Dr. Bill Highleyman, Managing Editor

 


 

  Never Again 

 

Sony PlayStation Taken Down for Weeks by Hackers

 

This may be the biggest hacking story in history – at least so far. In mid-April, 2011, hackers gained access to Sony’s online gaming servers and stole sensitive personal information for over 100 million accounts. It is estimated that this breach could cost Sony and credit/debit card issuers up to $2 billion in recovery expenses, not to mention the cost of pending lawsuits.

 

As soon as Sony discovered the breach, it closed down its online gaming services until it could restructure its security defenses. This happened on Wednesday, April 20th. At the time, Sony indicated that its services might be down for a few days. As of this writing, gaming services have been down for three weeks and counting. Sony has stopped predicting when its online games will resume.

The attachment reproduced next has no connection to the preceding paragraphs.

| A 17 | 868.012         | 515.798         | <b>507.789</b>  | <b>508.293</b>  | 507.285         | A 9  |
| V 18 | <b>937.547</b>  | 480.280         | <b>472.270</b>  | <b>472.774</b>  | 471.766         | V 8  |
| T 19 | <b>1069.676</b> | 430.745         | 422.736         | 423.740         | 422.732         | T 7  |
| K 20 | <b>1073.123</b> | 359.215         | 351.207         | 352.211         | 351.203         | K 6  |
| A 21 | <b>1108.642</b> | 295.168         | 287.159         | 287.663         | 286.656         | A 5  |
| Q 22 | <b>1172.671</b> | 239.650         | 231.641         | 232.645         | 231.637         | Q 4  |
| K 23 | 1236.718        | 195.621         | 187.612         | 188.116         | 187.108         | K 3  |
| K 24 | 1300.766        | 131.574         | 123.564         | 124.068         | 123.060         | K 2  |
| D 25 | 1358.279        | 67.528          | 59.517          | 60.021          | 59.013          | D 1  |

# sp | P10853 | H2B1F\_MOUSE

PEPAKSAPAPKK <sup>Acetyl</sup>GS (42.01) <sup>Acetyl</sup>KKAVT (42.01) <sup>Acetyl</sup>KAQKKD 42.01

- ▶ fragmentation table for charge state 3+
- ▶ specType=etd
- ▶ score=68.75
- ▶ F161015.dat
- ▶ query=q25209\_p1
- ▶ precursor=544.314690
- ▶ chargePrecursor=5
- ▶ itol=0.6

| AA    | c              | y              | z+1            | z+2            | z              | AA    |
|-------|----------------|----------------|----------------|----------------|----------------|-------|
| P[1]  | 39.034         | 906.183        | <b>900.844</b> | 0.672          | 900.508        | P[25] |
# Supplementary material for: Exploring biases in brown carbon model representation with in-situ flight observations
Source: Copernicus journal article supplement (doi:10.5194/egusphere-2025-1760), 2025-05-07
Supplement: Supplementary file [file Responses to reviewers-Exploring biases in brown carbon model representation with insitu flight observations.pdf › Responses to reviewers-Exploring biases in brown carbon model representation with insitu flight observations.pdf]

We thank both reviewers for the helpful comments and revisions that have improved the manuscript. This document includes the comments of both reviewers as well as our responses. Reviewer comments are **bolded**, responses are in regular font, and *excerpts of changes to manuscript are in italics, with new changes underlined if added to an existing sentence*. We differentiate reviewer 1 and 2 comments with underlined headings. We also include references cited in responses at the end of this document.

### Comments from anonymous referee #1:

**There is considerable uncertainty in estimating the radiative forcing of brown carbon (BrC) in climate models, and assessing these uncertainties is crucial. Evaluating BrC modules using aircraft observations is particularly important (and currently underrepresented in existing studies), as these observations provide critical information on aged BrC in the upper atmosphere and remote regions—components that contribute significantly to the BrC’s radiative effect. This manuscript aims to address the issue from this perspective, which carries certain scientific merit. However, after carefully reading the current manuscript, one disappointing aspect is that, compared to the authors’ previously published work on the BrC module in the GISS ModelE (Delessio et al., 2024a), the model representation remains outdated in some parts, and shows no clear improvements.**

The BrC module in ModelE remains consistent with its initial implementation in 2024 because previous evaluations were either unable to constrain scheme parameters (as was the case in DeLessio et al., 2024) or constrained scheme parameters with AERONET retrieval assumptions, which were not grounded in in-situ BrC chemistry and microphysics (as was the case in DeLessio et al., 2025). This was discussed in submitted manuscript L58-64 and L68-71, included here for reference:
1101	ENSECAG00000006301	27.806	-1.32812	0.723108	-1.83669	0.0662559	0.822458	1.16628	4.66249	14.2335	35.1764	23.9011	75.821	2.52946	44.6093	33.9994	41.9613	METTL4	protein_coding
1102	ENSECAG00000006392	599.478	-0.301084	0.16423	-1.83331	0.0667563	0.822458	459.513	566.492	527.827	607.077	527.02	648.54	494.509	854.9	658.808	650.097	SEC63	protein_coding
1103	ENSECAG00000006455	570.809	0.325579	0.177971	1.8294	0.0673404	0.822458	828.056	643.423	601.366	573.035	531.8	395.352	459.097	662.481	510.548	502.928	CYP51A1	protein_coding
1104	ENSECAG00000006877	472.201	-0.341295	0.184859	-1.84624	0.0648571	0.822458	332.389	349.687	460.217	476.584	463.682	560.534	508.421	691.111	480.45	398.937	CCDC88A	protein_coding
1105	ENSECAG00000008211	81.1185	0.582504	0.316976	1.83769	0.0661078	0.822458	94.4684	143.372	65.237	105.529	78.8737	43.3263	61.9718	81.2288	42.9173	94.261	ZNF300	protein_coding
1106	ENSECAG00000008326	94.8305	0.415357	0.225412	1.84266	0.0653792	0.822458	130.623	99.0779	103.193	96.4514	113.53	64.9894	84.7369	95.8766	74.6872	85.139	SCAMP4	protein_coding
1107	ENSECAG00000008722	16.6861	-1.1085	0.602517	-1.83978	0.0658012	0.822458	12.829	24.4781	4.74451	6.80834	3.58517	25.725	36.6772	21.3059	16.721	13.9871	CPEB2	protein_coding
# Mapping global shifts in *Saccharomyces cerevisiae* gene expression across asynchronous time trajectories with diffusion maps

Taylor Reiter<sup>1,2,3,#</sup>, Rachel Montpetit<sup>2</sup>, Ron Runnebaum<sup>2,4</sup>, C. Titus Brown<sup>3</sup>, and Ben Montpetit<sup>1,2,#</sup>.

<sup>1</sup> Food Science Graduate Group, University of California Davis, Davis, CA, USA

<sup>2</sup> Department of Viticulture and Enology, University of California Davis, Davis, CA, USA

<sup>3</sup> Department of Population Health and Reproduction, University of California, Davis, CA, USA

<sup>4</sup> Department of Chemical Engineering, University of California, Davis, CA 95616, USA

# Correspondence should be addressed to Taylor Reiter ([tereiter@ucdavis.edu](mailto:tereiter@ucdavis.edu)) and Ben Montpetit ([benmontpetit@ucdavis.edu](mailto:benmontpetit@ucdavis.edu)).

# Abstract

Though Sony is teaming with the FBI (the U.S. Federal Bureau of Investigation) and private investigators, the perpetrators have yet to be identified. However, evidence points to a hacking group that wanted to get revenge for Sony’s “unfair legal actions” against a well-known hacker who had managed to find and publish the secret keys to Sony’s online games.

 

-- more --

 

Amazon’s Cloud Downed by Fat Finger

 

Amazon’s Elastic Compute Cloud (EC2) is arguably today the leading service for deploying custom applications in a cloud environment. Amazon has gone to great lengths to ensure the availability of its cloud services. It has broken its cloud infrastructure into multiple regional, geographically-separated data centers; and within each region it provides independent Availability Zones. A customer can run a critical application in multiple Availability Zones within a region to ensure availability. If desired, an application can also have a redundant instance in other regions.